The hospital's poor financial situation immediately made itself felt in all
areas. We could have coped with this and other internal and external problems if
only the personal safety of the Jews could have been insured.
There soon circulated rumors that a deportation of the Jews from Czernowitz
and all of Bukovina was planed and we constantly received this alarming news.
The effect of these rumors in the hospital was to take all enthusiasm for
work away from the doctors and personnel.
At the end of August, 1941 we received a very uncomfortable surprise in the
hospital. The new Romanian director of the insane asylum, Dr. Constantinescu
immediately acknowledged the governor's directive and believed that as a good
Romanian patriot he would fulfill a “national duty” by loading all the Jewish
patients of the insane asylum on a wagon and sending them to the Jewish Hospital
in a single day.
Among these mentally ill were also several violent patients who had to be
isolated. For this purpose, three small rooms in the hospital were
correspondingly outfitted. The others were assigned rooms like ordinary patients
and naturally, we didn't have the necessary trained personnel to care for them.
The confusion and feeling of helplessness was great.
In this need, we turned to Dr. Rammler. This noble man took as doctor and
human being this affair very seriously and put himself fully and completely in
the service of these unhappy people. He worked untiringly to adapt a building in
the Springbrunnengasse which was used for the purpose of housing these sick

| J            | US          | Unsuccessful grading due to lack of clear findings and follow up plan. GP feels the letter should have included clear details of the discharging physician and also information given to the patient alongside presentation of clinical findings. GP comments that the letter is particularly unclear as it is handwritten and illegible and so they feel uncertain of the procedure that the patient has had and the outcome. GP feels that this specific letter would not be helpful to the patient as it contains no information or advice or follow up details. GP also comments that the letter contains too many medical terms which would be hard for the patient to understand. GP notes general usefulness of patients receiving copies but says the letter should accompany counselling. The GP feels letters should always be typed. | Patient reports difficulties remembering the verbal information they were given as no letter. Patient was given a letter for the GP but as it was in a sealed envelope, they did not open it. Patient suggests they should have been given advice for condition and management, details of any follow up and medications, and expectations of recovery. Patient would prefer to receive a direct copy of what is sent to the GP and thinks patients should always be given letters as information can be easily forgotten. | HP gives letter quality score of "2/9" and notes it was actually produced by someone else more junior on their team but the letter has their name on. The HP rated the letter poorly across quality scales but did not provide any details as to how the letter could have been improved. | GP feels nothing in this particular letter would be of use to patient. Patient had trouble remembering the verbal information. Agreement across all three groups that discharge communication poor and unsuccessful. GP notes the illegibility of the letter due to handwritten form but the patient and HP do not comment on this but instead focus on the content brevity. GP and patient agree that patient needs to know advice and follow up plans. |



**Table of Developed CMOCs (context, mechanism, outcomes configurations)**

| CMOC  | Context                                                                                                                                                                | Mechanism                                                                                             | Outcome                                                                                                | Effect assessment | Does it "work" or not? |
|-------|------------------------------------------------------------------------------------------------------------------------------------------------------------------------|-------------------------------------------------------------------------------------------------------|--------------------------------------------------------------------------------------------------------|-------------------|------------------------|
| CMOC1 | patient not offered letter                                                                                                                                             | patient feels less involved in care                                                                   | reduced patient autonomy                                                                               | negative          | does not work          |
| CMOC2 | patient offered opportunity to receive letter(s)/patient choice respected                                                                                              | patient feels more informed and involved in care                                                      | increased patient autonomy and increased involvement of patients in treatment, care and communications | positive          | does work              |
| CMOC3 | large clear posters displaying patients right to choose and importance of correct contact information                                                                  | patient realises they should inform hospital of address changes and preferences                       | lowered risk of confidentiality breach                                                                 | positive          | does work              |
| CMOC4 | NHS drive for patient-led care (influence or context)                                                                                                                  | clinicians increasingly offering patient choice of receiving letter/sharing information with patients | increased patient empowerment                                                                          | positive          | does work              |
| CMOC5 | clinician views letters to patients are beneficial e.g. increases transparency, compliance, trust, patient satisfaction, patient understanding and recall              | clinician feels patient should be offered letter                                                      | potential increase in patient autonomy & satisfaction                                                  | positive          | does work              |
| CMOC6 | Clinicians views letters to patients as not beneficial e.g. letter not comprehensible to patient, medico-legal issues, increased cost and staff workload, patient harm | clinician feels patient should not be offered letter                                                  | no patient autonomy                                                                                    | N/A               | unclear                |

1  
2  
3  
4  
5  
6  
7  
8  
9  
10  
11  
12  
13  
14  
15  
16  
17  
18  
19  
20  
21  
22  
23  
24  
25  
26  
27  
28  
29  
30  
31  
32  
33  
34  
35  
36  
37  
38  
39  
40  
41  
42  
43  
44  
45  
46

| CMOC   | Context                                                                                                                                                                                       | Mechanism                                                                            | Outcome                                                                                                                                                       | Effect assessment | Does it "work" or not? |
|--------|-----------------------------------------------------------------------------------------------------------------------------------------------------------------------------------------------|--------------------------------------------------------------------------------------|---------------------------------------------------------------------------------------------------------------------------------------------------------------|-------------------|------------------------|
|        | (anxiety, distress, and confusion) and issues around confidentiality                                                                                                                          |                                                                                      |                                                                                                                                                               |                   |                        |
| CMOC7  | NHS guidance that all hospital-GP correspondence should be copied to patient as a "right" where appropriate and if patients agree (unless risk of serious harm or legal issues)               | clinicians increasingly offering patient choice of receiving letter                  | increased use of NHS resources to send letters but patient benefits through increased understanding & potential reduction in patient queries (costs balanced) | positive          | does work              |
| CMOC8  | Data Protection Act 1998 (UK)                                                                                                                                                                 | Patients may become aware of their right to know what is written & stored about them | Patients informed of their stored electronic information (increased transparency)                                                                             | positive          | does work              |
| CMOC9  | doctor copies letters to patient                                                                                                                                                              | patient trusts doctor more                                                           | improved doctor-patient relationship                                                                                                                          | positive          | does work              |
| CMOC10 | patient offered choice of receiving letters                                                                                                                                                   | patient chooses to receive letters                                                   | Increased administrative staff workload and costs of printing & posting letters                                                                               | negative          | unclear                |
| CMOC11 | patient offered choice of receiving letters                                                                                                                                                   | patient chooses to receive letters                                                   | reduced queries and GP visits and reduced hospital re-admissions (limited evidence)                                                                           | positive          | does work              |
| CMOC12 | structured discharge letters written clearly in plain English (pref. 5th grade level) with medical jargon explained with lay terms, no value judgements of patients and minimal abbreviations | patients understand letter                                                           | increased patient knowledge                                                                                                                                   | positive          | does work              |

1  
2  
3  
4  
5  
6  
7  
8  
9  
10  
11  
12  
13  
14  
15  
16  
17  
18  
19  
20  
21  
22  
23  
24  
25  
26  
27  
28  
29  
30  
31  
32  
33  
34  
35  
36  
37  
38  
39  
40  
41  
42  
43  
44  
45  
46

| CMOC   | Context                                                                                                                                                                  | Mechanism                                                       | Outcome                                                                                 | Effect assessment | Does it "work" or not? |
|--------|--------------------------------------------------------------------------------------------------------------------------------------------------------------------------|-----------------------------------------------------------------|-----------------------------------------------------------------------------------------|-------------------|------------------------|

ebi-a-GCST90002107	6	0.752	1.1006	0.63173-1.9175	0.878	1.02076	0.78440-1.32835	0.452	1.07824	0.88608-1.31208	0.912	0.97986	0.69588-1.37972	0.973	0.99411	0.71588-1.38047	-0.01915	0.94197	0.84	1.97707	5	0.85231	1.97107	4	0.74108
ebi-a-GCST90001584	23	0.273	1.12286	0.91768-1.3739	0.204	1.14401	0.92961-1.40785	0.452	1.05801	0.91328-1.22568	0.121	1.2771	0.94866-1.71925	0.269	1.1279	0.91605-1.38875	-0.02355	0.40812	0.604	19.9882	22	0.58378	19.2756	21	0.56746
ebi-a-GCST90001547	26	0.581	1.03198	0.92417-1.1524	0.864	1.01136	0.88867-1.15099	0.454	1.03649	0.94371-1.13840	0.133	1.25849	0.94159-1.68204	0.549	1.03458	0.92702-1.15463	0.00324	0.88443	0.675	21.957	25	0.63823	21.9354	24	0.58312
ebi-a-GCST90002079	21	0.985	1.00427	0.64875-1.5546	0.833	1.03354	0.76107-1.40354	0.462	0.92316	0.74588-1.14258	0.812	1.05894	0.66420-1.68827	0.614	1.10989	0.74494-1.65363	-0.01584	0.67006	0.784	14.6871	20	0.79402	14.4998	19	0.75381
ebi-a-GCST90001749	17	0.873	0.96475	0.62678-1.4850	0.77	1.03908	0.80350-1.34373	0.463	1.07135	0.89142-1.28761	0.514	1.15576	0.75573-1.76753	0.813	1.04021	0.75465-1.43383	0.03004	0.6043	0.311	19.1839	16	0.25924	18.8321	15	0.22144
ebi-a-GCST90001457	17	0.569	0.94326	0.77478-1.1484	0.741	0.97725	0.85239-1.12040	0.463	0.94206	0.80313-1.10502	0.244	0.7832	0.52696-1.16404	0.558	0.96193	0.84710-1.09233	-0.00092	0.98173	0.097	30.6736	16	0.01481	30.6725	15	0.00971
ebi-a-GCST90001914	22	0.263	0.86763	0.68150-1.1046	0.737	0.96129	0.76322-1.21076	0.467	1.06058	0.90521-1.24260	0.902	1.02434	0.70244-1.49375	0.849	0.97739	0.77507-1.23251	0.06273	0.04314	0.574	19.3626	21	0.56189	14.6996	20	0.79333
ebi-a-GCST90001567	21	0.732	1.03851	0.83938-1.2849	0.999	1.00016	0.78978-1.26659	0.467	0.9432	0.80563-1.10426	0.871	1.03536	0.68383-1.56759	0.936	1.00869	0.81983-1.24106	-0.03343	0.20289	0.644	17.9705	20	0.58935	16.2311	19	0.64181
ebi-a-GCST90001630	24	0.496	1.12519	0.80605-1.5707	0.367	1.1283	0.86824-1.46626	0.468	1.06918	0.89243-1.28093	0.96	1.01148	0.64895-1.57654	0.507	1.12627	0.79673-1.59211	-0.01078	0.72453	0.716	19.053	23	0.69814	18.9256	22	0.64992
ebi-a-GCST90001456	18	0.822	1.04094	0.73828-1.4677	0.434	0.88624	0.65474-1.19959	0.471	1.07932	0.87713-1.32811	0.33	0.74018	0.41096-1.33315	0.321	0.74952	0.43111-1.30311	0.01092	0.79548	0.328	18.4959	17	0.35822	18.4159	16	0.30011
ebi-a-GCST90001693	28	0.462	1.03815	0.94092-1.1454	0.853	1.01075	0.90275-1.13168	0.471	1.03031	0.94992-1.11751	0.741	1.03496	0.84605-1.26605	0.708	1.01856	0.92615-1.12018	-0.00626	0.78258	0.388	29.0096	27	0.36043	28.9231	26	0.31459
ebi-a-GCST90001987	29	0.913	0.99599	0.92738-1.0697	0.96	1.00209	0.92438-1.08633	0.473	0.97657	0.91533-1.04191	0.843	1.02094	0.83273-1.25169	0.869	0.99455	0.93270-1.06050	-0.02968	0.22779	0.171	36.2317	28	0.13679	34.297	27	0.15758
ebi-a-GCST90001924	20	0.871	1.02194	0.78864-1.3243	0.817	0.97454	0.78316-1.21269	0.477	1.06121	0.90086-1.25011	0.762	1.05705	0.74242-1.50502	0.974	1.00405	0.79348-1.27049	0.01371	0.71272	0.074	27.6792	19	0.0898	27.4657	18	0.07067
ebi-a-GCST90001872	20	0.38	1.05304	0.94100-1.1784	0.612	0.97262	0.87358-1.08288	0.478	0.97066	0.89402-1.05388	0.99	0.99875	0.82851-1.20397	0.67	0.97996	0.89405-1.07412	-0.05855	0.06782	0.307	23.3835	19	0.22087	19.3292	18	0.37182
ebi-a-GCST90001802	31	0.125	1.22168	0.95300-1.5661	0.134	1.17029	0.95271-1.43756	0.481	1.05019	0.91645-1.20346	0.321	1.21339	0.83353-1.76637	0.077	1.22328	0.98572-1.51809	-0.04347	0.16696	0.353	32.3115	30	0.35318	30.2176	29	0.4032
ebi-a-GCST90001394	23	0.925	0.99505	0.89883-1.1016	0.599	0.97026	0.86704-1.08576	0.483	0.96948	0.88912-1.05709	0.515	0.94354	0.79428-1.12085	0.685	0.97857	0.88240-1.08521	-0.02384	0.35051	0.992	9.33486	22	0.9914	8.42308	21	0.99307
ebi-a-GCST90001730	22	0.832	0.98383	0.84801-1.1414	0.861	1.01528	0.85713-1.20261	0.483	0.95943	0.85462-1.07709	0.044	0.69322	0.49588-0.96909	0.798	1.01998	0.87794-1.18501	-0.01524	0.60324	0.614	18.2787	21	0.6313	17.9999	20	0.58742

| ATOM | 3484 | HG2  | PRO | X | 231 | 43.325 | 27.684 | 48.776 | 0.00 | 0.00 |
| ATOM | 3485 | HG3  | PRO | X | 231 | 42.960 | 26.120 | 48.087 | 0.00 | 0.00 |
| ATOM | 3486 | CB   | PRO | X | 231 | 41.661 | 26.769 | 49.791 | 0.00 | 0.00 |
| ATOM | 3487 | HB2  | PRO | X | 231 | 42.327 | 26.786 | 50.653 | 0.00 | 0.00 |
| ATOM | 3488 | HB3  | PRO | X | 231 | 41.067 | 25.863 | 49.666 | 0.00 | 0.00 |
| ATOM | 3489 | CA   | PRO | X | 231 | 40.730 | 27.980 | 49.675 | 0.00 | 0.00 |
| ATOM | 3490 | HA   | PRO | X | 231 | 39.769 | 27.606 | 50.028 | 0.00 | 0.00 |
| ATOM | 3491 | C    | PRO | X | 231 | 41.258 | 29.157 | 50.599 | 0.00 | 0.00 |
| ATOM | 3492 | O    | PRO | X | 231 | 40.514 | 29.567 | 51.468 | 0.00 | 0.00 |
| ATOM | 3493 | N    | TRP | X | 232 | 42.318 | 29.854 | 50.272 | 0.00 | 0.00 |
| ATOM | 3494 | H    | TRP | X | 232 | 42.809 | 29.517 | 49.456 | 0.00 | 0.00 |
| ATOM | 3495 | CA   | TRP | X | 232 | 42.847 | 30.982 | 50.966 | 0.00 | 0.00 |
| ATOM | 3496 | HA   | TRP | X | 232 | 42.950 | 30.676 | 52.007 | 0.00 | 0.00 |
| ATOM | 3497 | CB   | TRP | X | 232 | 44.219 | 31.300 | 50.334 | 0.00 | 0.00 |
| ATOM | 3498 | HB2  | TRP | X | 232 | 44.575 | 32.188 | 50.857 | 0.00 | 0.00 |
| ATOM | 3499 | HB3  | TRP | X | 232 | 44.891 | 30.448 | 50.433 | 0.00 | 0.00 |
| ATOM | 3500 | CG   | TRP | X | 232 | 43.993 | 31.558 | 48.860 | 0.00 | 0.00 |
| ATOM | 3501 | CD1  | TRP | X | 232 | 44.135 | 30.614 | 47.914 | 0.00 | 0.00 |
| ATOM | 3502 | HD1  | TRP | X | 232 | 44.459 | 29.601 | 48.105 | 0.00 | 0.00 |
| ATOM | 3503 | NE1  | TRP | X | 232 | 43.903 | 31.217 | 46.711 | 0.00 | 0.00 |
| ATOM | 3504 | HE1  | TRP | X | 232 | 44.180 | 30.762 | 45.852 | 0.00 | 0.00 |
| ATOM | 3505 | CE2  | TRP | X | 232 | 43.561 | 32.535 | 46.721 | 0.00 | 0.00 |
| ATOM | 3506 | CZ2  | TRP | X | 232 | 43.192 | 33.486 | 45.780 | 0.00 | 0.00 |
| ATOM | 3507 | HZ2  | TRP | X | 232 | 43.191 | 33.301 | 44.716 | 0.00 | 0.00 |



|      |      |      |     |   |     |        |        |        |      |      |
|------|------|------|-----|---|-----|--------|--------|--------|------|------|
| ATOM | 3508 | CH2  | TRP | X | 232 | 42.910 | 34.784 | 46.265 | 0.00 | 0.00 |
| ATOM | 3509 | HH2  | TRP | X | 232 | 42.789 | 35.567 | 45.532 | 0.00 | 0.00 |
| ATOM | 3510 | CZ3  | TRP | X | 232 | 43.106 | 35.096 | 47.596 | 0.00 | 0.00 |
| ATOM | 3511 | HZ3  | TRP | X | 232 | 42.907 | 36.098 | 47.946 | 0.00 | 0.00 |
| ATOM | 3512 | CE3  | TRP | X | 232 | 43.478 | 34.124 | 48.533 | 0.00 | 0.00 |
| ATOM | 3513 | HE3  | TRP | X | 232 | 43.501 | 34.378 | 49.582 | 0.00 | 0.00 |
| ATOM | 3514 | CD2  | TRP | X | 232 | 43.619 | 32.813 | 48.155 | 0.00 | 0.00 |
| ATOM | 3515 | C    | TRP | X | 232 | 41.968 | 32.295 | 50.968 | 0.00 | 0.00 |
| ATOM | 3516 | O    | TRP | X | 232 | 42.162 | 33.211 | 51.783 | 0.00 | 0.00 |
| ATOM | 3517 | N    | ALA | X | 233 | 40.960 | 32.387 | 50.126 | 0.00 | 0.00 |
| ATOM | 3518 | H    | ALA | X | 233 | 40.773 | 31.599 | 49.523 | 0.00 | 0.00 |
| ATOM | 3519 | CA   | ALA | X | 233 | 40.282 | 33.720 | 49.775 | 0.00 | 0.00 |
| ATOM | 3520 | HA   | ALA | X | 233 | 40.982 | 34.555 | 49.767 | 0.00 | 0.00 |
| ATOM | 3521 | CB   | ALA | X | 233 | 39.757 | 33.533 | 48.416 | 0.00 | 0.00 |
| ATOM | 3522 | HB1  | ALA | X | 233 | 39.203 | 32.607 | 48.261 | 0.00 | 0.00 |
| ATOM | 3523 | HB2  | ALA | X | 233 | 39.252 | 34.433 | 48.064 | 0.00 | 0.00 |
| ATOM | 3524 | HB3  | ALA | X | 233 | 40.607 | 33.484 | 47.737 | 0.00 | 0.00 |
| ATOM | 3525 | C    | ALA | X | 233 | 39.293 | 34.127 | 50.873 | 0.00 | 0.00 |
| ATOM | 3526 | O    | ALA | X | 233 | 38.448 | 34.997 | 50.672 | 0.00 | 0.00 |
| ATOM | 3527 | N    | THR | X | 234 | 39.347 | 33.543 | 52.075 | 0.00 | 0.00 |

people. He did his best with what he was offered and I never saw him nervous,
even for a moment. No word of complaint or discouragement ever passed his lips.
He took up a collection of linen and other inventory items among the Jewish
I often met Dr. Rammler later and helped him with his difficult work when I
functioned as sanitary commissioner in the Kultusrat[D]
named by the governor.
Really, an official committee should document his self sacrificing efforts,
whose like can scarcely be found so at least, his activity dedicated to the
common good will not be forgotten by posterity.
An end was put to his work in-so-far as on June 1942, in one night, all the
patients of the Jewish Insane Asylum were removed and sent with a few of the
personnel to Transnistrien where they quickly died.
At that time, there was almost no contact between the Romanian officials and
the Jewish population. When in rare cases, contact was necessary; the leadership
of the Jewish Hospital would act as intermediaries. And so gradually, the Jewish